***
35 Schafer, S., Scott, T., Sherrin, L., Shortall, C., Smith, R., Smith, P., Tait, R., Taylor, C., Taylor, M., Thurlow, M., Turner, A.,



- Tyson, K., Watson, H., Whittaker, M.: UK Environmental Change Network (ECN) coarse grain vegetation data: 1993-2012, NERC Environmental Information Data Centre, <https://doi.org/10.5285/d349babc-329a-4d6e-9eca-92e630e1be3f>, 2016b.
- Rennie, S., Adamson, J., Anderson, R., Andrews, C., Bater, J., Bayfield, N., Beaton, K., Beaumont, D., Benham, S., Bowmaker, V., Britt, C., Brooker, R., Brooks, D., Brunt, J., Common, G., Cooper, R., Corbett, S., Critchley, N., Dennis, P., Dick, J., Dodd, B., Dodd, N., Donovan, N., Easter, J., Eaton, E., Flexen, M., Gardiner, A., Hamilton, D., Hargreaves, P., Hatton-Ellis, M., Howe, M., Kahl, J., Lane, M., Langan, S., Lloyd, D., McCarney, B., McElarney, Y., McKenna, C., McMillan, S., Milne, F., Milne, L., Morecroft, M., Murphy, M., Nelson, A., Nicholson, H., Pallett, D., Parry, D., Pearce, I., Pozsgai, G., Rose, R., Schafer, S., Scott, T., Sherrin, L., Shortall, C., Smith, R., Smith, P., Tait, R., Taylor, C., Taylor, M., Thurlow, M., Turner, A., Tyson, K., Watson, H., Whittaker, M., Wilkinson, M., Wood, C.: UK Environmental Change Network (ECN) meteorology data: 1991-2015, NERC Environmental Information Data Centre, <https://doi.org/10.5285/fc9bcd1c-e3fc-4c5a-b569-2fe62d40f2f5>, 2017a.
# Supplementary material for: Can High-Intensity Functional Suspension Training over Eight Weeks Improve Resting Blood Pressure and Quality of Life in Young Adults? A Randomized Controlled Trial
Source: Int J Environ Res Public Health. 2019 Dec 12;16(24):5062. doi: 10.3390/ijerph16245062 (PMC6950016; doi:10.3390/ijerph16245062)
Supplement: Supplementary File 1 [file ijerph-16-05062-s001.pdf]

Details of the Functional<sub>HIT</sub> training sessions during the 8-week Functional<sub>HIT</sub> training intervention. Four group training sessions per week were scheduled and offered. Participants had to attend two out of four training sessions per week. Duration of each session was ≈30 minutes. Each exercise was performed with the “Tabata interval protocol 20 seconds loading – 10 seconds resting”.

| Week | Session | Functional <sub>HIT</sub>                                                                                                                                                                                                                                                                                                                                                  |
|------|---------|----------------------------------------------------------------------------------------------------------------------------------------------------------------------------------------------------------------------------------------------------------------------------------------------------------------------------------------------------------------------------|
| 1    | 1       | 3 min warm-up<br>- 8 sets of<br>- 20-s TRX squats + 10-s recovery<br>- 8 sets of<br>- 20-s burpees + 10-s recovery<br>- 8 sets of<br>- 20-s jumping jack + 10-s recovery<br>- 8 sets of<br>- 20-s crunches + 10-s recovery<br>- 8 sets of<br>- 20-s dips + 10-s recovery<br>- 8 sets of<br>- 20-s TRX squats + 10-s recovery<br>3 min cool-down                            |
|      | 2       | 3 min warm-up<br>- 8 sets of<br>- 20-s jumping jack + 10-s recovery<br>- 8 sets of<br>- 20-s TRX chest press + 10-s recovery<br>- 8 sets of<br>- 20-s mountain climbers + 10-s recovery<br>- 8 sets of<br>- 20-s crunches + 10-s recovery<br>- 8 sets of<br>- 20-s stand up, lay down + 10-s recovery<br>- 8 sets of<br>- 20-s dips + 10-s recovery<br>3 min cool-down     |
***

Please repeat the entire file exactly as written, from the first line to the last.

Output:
35 Schafer, S., Scott, T., Sherrin, L., Shortall, C., Smith, R., Smith, P., Tait, R., Taylor, C., Taylor, M., Thurlow, M., Turner, A.,



- Tyson, K., Watson, H., Whittaker, M.: UK Environmental Change Network (ECN) coarse grain vegetation data: 1993-2012, NERC Environmental Information Data Centre, <https://doi.org/10.5285/d349babc-329a-4d6e-9eca-92e630e1be3f>, 2016b.
- Rennie, S., Adamson, J., Anderson, R., Andrews, C., Bater, J., Bayfield, N., Beaton, K., Beaumont, D., Benham, S., Bowmaker, V., Britt, C., Brooker, R., Brooks, D., Brunt, J., Common, G., Cooper, R., Corbett, S., Critchley, N., Dennis, P., Dick, J., Dodd, B., Dodd, N., Donovan, N., Easter, J., Eaton, E., Flexen, M., Gardiner, A., Hamilton, D., Hargreaves, P., Hatton-Ellis, M., Howe, M., Kahl, J., Lane, M., Langan, S., Lloyd, D., McCarney, B., McElarney, Y., McKenna, C., McMillan, S., Milne, F., Milne, L., Morecroft, M., Murphy, M., Nelson, A., Nicholson, H., Pallett, D., Parry, D., Pearce, I., Pozsgai, G., Rose, R., Schafer, S., Scott, T., Sherrin, L., Shortall, C., Smith, R., Smith, P., Tait, R., Taylor, C., Taylor, M., Thurlow, M., Turner, A., Tyson, K., Watson, H., Whittaker, M., Wilkinson, M., Wood, C.: UK Environmental Change Network (ECN) meteorology data: 1991-2015, NERC Environmental Information Data Centre, <https://doi.org/10.5285/fc9bcd1c-e3fc-4c5a-b569-2fe62d40f2f5>, 2017a.
# Supplementary material for: Can High-Intensity Functional Suspension Training over Eight Weeks Improve Resting Blood Pressure and Quality of Life in Young Adults? A Randomized Controlled Trial
Source: Int J Environ Res Public Health. 2019 Dec 12;16(24):5062. doi: 10.3390/ijerph16245062 (PMC6950016; doi:10.3390/ijerph16245062)
Supplement: Supplementary File 1 [file ijerph-16-05062-s001.pdf]

Details of the Functional<sub>HIT</sub> training sessions during the 8-week Functional<sub>HIT</sub> training intervention. Four group training sessions per week were scheduled and offered. Participants had to attend two out of four training sessions per week. Duration of each session was ≈30 minutes. Each exercise was performed with the “Tabata interval protocol 20 seconds loading – 10 seconds resting”.

| Week | Session | Functional <sub>HIT</sub>                                                                                                                                                                                                                                                                                                                                                  |
|------|---------|----------------------------------------------------------------------------------------------------------------------------------------------------------------------------------------------------------------------------------------------------------------------------------------------------------------------------------------------------------------------------|
| 1    | 1       | 3 min warm-up<br>- 8 sets of<br>- 20-s TRX squats + 10-s recovery<br>- 8 sets of<br>- 20-s burpees + 10-s recovery<br>- 8 sets of<br>- 20-s jumping jack + 10-s recovery<br>- 8 sets of<br>- 20-s crunches + 10-s recovery<br>- 8 sets of<br>- 20-s dips + 10-s recovery<br>- 8 sets of<br>- 20-s TRX squats + 10-s recovery<br>3 min cool-down                            |
|      | 2       | 3 min warm-up<br>- 8 sets of<br>- 20-s jumping jack + 10-s recovery<br>- 8 sets of<br>- 20-s TRX chest press + 10-s recovery<br>- 8 sets of<br>- 20-s mountain climbers + 10-s recovery<br>- 8 sets of<br>- 20-s crunches + 10-s recovery<br>- 8 sets of<br>- 20-s stand up, lay down + 10-s recovery<br>- 8 sets of<br>- 20-s dips + 10-s recovery<br>3 min cool-down     |